COMMUNIST (PCP) councillors in Lisbon Câmara have launched a campaign to light up the city. They claim that various parts of the capital are “in the dark” and are calling on the city’s inhabitants to mount a crusade for more street lighting.
“We have already received a number of complaints about the lack of street lighting and general security measures – there is definitely a direct link between the two problems,” said Cllr. Ruben Carvalho. According to data supplied by Lisbon Câmara, the worst areas for crime tend to be the older zones, such as Ajuda where there are many drug-related robberies and muggings. Without the co-operation of local neighbourhood networks, Carvalho said it was difficult to get a clear picture of the situation. The PCP councillors have already set up a helpline, which Lisbon citizens can call when streetlights are either not working or insufficient. The communist lobby says attempts to solve the issue have been met with indifference by Lisbon Câmara’s Chief Executive.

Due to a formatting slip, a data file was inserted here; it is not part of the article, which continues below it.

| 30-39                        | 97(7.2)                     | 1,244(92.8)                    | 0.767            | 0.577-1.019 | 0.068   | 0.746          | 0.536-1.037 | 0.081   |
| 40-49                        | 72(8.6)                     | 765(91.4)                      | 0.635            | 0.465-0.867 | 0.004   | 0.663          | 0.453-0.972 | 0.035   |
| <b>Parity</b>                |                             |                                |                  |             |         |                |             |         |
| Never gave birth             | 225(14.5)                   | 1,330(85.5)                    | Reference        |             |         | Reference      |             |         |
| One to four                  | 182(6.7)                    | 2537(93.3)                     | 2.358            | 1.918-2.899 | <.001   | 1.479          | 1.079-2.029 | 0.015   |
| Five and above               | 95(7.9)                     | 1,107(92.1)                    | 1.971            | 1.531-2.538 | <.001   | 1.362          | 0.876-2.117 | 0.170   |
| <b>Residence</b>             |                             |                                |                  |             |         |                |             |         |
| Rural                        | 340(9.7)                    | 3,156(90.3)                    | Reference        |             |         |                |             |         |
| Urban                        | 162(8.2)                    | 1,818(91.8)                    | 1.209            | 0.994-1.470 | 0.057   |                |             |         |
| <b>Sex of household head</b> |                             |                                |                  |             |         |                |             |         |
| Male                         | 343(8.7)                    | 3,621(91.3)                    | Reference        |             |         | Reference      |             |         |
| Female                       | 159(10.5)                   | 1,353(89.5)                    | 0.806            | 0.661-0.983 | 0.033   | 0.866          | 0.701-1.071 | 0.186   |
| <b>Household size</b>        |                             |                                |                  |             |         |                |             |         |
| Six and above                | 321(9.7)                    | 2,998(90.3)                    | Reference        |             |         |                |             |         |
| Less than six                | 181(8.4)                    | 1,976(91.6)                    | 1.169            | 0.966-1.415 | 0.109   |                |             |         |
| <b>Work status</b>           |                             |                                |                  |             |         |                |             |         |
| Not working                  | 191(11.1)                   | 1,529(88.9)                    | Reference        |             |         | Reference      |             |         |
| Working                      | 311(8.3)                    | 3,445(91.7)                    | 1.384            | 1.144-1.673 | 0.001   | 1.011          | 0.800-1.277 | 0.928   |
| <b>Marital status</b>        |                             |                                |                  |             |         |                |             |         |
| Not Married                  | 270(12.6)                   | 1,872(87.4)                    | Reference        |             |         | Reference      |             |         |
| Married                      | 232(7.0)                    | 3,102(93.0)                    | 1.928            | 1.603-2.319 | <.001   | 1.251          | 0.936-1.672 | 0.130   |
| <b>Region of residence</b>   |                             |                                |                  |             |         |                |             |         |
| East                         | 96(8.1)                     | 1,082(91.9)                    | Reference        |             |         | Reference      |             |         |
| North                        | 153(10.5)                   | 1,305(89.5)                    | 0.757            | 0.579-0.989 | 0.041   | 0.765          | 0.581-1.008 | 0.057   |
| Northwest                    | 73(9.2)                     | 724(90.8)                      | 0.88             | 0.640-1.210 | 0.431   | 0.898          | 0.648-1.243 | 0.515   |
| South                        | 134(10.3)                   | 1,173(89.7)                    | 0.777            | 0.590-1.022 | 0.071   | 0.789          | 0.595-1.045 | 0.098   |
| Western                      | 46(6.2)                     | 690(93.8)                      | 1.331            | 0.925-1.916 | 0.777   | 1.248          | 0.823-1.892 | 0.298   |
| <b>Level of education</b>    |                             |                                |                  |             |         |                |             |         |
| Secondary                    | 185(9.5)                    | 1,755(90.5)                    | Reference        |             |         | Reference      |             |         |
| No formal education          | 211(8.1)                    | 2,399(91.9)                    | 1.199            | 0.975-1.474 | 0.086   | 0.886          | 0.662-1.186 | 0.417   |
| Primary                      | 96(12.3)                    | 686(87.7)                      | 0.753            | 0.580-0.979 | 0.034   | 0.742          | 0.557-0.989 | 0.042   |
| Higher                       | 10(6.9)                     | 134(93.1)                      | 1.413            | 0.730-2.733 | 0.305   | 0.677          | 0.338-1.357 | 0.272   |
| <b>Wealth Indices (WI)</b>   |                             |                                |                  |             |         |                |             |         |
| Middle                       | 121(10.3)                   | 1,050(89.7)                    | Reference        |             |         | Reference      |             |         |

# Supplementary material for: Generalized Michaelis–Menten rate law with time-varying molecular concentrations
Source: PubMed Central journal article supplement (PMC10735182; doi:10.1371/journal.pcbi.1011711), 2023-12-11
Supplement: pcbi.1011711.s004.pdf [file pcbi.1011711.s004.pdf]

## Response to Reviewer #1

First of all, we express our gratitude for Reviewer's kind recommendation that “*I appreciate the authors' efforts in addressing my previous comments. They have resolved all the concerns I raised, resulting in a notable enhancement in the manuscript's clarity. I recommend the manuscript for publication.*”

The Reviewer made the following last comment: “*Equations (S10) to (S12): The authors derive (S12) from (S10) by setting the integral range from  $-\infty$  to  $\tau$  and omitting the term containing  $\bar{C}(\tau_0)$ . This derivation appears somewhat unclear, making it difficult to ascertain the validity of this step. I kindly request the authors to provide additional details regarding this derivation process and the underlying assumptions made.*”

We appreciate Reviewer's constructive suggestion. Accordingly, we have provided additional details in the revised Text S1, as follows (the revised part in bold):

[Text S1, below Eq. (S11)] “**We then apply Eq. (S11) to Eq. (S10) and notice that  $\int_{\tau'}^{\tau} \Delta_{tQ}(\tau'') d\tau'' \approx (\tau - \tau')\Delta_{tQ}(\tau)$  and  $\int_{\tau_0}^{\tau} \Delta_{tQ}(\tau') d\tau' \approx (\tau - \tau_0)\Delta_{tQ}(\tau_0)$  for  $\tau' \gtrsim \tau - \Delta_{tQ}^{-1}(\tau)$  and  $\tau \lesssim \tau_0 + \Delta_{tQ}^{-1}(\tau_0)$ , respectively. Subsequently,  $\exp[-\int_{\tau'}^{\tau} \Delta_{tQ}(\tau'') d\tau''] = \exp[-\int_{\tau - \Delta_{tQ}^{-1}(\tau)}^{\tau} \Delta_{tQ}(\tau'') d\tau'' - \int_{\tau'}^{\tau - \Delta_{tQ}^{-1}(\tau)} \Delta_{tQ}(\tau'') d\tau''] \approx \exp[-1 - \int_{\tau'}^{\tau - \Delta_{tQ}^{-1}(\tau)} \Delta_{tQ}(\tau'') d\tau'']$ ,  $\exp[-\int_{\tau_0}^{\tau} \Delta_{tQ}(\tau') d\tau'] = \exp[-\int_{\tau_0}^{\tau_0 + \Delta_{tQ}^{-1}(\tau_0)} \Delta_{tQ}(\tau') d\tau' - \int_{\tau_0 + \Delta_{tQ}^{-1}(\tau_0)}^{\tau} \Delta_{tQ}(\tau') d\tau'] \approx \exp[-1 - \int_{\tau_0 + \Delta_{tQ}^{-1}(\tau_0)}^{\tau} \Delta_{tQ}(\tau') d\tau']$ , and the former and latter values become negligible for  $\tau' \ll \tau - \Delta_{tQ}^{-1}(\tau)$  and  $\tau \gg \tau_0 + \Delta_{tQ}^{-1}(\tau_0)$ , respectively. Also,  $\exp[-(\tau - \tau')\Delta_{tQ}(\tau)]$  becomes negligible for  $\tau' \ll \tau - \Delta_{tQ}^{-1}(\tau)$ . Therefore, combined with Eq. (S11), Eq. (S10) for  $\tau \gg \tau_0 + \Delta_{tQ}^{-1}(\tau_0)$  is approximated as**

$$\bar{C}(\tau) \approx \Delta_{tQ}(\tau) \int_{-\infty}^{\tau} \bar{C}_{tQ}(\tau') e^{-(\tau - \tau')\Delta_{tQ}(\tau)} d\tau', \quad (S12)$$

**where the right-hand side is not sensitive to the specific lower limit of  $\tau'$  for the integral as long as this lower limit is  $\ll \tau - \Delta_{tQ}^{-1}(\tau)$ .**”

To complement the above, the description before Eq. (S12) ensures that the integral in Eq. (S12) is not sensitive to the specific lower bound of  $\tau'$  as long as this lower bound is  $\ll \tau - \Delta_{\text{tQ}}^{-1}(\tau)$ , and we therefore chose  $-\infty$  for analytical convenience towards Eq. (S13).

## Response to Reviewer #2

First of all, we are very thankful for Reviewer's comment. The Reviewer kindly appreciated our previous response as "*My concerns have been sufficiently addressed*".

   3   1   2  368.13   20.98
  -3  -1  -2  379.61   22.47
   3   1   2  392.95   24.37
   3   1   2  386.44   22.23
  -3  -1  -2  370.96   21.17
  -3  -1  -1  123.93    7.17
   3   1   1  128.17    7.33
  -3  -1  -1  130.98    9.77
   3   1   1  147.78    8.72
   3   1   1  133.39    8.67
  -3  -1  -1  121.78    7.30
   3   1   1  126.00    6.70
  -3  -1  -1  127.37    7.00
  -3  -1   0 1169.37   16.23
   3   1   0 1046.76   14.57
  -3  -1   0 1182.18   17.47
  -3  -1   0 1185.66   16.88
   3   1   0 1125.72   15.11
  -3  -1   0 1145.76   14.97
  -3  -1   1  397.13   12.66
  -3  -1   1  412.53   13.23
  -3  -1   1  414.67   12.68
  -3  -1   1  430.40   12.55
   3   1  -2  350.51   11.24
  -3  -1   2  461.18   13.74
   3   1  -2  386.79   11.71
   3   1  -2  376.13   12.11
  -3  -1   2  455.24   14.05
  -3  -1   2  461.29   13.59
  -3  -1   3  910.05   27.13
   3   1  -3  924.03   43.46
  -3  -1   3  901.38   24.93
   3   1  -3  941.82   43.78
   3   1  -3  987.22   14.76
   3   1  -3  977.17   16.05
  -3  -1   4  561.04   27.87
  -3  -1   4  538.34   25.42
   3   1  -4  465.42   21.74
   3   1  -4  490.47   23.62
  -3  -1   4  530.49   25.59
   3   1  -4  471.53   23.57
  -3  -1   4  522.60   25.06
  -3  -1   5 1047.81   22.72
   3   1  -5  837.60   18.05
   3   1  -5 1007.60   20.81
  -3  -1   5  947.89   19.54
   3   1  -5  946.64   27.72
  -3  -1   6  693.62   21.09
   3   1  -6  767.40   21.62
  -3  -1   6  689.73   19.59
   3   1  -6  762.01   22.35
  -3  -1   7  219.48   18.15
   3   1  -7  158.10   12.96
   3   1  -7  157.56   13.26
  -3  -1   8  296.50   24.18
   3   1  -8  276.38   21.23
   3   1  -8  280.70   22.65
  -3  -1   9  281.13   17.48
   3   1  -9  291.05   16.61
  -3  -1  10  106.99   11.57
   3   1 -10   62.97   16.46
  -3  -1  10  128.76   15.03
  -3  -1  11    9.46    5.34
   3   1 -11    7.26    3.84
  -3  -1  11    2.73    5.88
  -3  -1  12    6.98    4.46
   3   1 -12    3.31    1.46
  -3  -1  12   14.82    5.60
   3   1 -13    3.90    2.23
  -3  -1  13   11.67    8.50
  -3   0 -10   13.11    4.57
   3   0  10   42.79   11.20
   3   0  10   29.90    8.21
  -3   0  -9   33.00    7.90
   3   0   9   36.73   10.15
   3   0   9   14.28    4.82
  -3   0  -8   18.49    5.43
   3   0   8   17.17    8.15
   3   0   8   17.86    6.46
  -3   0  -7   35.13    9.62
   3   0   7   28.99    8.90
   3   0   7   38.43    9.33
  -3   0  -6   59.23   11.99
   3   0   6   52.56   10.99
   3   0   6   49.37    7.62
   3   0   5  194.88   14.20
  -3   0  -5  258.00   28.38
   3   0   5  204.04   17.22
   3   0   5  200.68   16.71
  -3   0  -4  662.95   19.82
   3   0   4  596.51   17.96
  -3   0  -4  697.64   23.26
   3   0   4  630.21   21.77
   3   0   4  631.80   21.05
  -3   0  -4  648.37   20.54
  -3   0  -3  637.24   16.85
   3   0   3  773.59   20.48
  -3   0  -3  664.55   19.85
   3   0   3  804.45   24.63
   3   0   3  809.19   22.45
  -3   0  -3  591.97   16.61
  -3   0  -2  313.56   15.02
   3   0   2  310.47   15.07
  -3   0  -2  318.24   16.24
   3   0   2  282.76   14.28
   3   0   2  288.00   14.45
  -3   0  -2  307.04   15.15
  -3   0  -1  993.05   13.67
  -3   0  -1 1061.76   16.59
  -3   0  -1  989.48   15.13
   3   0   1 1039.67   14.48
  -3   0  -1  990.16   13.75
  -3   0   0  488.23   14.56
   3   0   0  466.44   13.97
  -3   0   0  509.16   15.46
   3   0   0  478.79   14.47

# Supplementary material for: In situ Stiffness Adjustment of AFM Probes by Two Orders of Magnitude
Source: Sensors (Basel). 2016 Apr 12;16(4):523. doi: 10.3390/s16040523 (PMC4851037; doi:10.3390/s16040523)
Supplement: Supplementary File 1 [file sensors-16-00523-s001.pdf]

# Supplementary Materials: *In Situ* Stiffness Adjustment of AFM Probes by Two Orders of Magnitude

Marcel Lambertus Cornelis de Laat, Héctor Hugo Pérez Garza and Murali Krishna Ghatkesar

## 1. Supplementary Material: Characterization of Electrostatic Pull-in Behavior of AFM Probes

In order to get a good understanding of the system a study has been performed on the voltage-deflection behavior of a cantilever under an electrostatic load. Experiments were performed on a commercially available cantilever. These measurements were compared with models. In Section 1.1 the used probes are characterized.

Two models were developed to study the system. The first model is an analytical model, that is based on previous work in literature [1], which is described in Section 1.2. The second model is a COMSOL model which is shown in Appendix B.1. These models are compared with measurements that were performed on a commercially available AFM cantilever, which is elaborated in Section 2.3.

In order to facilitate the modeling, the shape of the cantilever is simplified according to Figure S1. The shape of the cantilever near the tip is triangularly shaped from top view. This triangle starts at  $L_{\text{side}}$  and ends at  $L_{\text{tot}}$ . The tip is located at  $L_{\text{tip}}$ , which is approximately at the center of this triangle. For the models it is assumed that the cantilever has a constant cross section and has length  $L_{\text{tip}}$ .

However, António Proa, head of the council’s open spaces and parks department, said: “The Câmara thinks that the PCP councillors are just stirring up trouble, as they should already know that an SOS citizens’ service, called ‘Lx Alerta’, has been in operation for some time, to which Lisbon residents can complain.”
The same spokesman said that creating another parallel service within the same council “does not make sense”, while maintaining that the Câmara welcomes any kind of contribution to problems or improvements from residents. “In 2005, we undertook 8,500 repairs on public lighting and, of these, 3,117 were as a result of residents calling the ‘Lx Alerta’ line,” he added. The service has been up and running since February 2004 and is designed to inform the Câmara about issues such as holes in pedestrian walkways, failed lighting and blocked drains. In 2004 alone, the Câmara received 42,435 calls, despite the fact that many Lisbon residents still don’t know of its existence.
If you’ve got a gripe that something isn’t working in Lisbon, contact either of the following two entities: e-mail [email protected] or call 213 227 262; or alternatively, use the ‘Lx Alerta’ line on 808 203 232 or e-mail: [email protected]